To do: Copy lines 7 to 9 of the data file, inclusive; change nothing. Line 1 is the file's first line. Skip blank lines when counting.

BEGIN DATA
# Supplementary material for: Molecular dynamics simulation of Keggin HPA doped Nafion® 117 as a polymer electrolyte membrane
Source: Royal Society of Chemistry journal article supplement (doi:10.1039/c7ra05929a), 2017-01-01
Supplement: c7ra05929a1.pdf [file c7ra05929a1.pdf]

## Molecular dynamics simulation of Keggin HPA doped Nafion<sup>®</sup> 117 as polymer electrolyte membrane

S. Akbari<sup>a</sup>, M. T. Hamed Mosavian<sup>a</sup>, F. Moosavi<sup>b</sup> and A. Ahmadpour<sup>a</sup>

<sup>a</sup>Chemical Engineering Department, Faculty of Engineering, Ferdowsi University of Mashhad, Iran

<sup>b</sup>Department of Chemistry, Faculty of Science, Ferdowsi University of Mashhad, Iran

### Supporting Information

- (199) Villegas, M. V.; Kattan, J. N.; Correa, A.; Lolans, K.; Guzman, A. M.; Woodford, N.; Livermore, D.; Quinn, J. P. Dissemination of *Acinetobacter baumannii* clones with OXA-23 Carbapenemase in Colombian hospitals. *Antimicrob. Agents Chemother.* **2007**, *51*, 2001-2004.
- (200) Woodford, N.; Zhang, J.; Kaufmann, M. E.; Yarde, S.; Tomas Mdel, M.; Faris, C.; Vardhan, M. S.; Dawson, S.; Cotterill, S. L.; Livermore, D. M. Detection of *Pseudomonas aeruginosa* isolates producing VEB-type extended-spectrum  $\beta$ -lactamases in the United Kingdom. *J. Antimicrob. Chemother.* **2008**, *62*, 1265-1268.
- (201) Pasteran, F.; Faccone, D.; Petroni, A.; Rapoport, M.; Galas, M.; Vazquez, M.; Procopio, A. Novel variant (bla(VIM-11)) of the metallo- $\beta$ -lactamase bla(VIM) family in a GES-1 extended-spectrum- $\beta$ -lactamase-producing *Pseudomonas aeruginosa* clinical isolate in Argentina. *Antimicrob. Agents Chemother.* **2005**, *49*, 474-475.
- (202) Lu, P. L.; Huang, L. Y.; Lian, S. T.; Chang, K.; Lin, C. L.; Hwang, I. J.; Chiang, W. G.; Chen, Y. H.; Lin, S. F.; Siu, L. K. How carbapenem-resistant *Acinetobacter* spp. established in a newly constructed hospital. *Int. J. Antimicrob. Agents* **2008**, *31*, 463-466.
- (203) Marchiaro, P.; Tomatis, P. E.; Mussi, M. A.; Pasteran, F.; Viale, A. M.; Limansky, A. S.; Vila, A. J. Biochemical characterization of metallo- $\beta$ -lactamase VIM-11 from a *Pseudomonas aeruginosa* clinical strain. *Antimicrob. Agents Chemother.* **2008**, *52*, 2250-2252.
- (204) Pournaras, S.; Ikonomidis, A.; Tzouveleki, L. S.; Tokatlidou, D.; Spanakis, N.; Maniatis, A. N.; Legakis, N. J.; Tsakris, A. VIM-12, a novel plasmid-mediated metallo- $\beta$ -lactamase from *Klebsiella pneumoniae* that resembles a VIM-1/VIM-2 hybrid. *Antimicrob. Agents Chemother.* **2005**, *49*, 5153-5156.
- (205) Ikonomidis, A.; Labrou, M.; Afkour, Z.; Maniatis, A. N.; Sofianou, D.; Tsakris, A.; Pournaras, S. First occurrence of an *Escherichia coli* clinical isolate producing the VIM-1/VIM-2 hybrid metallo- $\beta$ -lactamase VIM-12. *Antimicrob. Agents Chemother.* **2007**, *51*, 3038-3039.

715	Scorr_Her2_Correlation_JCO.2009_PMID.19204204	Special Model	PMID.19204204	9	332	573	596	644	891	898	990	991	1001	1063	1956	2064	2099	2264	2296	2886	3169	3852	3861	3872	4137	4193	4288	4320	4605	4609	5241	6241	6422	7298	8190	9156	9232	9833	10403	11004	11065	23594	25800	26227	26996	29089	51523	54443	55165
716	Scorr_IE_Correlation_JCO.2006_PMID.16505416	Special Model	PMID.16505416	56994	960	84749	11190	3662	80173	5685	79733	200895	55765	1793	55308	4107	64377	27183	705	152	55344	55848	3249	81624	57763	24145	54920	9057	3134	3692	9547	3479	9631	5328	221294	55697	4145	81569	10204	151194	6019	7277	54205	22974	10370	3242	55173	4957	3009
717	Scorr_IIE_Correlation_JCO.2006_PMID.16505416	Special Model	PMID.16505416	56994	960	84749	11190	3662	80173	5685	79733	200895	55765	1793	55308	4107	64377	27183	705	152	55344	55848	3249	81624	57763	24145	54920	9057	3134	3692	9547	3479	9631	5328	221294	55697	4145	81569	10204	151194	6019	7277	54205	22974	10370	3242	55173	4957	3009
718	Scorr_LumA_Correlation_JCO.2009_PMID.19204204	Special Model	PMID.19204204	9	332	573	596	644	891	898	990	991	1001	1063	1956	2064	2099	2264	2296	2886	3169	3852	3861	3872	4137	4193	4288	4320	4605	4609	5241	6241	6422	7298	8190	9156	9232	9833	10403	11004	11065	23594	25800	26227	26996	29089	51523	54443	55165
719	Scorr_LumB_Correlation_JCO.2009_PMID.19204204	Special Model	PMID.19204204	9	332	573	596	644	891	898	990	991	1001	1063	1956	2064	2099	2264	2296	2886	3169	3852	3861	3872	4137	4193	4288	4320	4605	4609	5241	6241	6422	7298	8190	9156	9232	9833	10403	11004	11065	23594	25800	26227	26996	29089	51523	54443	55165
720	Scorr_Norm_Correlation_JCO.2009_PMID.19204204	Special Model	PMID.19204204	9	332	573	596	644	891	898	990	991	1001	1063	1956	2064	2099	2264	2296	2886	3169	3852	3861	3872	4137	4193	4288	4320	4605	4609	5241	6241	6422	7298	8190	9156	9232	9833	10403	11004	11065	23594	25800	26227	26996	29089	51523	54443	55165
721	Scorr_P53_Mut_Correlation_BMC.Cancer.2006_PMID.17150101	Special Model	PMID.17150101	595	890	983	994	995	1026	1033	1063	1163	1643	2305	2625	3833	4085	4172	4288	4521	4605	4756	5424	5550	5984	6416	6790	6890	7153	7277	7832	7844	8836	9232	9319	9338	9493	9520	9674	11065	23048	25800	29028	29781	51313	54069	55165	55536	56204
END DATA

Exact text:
<sup>b</sup>Department of Chemistry, Faculty of Science, Ferdowsi University of Mashhad, Iran

### Supporting Information

- (199) Villegas, M. V.; Kattan, J. N.; Correa, A.; Lolans, K.; Guzman, A. M.; Woodford, N.; Livermore, D.; Quinn, J. P. Dissemination of *Acinetobacter baumannii* clones with OXA-23 Carbapenemase in Colombian hospitals. *Antimicrob. Agents Chemother.* **2007**, *51*, 2001-2004.